App launched to help reduce sugar intake as figures show children eating 5,500 cubes of sugar a year
18:30 06 January 2016
Parents in Suffolk are being urged to be more hands on in monitoring their children’s sugar intake, in a bid to crack down on health problems for youngsters.
The Change4Life campaign has been launched after figures revealed that on average those aged between four and 10 take in around 5,500 sugar cubes a year – the equivalent weight of an average five-year-old.
Latest Public Health figures also revealed that 20% of four and five-year-olds were obese or overweight, while more than 30% of 10 and 11-year-olds were.
Now Public Health Suffolk is backing the campaign, and encouraging parents to download the Sugar Smart app, which allows parents to scan barcodes of food items to find out how much sugar it contains.
Tony Goldson, Suffolk County Council cabinet member for health, said: “The latest child obesity figures for Suffolk highlight the importance for families to cut back on sugar in the diet.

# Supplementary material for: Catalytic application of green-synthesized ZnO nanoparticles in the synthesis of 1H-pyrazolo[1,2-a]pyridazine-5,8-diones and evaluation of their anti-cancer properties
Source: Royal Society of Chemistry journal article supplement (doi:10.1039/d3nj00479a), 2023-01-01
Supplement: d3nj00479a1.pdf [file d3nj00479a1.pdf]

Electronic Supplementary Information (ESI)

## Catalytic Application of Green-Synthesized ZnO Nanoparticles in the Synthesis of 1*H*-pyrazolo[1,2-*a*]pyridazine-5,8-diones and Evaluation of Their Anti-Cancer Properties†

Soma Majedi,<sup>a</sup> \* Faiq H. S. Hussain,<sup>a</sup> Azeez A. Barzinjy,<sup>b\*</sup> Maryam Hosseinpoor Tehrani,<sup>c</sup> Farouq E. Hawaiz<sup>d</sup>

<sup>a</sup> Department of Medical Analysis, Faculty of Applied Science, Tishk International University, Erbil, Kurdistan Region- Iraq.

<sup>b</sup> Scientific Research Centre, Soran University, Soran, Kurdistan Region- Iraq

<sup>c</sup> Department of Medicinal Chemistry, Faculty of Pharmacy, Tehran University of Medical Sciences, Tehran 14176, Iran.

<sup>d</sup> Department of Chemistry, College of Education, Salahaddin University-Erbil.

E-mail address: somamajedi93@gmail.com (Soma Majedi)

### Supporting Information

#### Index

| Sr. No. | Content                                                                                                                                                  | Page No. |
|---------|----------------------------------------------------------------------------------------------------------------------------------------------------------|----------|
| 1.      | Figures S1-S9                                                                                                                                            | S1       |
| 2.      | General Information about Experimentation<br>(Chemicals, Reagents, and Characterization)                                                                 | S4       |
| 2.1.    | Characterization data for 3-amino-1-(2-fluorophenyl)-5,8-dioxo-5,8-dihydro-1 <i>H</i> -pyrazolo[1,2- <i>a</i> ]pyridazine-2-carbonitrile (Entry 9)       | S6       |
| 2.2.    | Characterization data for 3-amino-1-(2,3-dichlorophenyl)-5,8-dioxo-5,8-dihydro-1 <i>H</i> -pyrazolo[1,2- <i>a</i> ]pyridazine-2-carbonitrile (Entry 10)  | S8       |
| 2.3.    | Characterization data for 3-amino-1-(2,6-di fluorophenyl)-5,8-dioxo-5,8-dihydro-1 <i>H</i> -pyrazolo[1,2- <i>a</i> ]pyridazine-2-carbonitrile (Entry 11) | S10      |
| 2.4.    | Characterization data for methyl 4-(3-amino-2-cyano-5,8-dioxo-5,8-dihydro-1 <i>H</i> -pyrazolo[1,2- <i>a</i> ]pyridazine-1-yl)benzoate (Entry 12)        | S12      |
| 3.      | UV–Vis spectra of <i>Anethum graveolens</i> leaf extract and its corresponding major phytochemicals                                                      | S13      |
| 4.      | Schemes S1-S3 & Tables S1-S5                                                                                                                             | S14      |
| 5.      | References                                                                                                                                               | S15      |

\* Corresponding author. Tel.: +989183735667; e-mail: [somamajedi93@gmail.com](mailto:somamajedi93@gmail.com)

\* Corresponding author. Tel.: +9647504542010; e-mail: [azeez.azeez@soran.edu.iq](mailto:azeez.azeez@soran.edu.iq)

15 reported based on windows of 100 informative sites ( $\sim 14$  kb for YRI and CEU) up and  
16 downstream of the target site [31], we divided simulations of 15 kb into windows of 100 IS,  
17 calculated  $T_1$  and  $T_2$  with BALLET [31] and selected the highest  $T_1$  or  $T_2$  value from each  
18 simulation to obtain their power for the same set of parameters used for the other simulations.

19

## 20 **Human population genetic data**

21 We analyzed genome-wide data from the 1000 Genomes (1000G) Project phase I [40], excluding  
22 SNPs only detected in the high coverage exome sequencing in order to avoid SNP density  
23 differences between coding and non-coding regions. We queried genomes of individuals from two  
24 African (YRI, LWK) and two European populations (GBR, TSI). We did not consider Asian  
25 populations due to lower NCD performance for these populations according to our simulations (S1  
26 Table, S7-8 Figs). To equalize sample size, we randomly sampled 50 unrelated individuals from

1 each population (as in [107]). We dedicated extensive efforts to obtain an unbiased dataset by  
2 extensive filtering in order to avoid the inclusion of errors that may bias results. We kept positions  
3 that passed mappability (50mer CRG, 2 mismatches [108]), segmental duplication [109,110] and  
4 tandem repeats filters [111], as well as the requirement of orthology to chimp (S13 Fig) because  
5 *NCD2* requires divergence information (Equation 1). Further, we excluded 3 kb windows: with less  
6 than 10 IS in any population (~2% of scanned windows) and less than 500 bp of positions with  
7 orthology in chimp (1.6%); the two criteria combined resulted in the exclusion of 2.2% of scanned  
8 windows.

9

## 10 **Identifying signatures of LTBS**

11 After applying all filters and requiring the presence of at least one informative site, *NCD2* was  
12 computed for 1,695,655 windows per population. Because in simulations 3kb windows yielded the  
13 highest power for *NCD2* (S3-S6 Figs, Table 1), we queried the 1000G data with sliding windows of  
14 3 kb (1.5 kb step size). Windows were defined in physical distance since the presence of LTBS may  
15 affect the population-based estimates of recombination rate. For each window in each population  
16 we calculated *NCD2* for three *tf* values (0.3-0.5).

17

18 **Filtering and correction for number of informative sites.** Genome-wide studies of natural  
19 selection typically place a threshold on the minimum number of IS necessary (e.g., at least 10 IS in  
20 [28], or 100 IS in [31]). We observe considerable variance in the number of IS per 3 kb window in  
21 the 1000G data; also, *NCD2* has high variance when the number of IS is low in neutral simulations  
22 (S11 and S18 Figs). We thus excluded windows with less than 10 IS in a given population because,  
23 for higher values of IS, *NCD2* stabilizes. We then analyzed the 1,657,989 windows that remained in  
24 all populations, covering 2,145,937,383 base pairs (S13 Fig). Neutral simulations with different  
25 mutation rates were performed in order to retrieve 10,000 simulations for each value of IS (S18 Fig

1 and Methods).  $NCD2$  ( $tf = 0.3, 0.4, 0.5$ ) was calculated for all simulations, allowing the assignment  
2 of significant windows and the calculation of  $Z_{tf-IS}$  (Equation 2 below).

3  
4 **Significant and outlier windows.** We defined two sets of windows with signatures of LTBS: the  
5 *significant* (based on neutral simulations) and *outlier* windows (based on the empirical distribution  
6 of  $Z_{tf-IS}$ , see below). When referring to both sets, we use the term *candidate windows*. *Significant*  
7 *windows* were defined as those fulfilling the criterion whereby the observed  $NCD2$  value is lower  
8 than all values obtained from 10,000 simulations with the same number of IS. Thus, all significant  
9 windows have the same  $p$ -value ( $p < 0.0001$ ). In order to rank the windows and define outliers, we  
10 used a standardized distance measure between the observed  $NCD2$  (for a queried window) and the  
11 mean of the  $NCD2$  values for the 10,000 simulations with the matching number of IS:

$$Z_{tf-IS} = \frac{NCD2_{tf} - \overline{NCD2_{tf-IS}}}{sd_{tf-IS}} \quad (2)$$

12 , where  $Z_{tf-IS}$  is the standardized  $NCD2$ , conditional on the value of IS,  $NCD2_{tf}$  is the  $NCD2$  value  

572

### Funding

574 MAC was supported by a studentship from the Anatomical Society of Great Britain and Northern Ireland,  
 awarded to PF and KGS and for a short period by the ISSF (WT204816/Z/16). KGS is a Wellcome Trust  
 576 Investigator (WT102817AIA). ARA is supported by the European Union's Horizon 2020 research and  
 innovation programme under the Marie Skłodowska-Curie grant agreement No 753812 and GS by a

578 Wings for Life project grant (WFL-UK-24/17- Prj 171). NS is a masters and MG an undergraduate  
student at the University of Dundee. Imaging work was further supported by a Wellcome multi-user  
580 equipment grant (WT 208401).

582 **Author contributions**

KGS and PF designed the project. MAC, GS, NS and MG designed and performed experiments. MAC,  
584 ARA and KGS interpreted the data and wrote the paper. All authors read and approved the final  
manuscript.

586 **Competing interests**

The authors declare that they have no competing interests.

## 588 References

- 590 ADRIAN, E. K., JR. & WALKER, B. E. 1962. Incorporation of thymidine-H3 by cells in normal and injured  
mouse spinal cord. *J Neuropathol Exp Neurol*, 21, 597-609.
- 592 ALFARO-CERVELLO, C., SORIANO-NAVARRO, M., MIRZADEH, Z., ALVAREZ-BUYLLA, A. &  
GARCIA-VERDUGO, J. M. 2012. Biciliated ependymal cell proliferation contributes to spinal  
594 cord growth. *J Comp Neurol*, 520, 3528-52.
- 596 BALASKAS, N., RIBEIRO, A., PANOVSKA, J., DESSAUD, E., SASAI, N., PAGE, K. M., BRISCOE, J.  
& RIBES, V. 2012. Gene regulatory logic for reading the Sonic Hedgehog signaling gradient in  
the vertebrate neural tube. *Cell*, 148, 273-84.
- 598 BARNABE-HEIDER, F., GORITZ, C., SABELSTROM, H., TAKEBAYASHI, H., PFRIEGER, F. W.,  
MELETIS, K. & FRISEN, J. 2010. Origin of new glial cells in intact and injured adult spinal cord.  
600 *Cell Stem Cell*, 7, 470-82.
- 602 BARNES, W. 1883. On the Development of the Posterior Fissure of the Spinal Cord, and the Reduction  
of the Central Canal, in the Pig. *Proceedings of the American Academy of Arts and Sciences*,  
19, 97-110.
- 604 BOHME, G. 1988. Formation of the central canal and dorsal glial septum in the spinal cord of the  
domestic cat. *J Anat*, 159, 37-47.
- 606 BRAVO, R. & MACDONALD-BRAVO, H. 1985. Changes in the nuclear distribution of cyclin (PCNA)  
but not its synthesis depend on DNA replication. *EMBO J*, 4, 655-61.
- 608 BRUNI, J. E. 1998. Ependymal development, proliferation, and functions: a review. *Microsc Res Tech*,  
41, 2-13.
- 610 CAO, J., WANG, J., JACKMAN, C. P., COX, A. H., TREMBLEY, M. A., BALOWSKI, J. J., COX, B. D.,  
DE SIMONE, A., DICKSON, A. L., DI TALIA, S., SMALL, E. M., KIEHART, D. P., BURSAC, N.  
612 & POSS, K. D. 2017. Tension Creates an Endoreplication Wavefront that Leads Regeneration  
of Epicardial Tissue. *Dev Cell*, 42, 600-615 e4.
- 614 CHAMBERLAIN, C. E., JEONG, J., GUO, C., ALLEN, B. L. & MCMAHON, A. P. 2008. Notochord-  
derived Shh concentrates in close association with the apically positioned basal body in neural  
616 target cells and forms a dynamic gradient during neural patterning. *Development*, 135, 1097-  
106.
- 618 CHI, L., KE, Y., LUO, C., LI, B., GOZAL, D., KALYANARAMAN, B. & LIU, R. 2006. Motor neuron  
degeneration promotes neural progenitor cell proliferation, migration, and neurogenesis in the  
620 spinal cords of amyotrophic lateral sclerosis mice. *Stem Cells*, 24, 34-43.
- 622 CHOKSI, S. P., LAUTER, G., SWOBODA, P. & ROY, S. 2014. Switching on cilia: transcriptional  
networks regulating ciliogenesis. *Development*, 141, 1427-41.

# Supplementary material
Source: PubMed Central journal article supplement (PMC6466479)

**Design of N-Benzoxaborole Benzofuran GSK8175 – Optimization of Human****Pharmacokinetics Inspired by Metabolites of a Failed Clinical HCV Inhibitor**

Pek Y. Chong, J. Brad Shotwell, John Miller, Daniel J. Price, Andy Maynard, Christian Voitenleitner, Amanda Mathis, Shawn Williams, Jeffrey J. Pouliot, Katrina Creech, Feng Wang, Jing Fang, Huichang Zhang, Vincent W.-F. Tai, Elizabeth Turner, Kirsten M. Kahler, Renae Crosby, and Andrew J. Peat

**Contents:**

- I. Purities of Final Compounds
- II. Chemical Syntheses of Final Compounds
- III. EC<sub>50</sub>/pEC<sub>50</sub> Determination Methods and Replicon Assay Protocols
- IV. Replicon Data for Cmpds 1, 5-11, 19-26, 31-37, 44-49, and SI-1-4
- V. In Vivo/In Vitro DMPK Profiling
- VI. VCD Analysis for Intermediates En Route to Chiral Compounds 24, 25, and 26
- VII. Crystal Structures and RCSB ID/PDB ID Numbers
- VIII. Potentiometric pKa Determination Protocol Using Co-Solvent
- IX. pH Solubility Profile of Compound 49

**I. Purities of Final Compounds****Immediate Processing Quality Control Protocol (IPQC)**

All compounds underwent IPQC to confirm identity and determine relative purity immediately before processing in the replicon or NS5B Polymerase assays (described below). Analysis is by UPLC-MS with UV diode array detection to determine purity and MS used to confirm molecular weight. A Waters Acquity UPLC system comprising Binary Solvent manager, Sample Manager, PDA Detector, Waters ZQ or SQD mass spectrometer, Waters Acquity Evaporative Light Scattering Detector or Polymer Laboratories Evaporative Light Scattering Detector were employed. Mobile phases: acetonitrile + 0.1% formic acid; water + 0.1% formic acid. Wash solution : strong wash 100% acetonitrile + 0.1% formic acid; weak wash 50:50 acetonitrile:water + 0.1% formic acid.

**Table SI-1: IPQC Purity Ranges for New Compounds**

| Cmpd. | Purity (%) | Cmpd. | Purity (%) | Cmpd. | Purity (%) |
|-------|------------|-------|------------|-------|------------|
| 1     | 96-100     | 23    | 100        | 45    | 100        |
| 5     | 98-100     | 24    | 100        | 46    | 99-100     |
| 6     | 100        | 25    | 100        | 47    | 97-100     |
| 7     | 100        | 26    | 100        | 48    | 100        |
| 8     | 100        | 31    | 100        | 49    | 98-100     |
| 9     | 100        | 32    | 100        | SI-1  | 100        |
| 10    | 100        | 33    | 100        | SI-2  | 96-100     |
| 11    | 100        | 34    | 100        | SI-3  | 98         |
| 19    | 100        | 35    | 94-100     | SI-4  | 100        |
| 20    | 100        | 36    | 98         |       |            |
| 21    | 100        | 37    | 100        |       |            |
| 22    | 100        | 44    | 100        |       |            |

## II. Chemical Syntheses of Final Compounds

“Sugar is lurking in everyday food and drink, taking children well over the maximum recommended amount.
“We’re encouraging parents across Suffolk to download the new Sugar Smart app and take control of the amount of sugar their family consumes, to protect them from the health risks of having too much sugar.”
The project aims to reduce the amount of sugar children take, and help prevent serious illnesses in the future such as Type 2 diabetes, some cancers and heart disease.
Businesses have also joined the campaign to help customers make healthier food choices when they do their shopping.
“Dr Alison Tedstone, chief nutritionist for Public Health England said: “Children are having too much sugar – three times the maximum recommended amount.
“This can lead to painful tooth decay, weight gain and obesity, which can also affect children’s well-being as they are more likely to be bullied, have low self-esteem and miss school.
“Children aged five shouldn’t have more than 19 grams of sugar per day – that’s five cubes, but it’s very easy to have more.”
By being able to see the amount of sugar in products, public health officials are hoping parents will be able to make informed choices for substitute foods.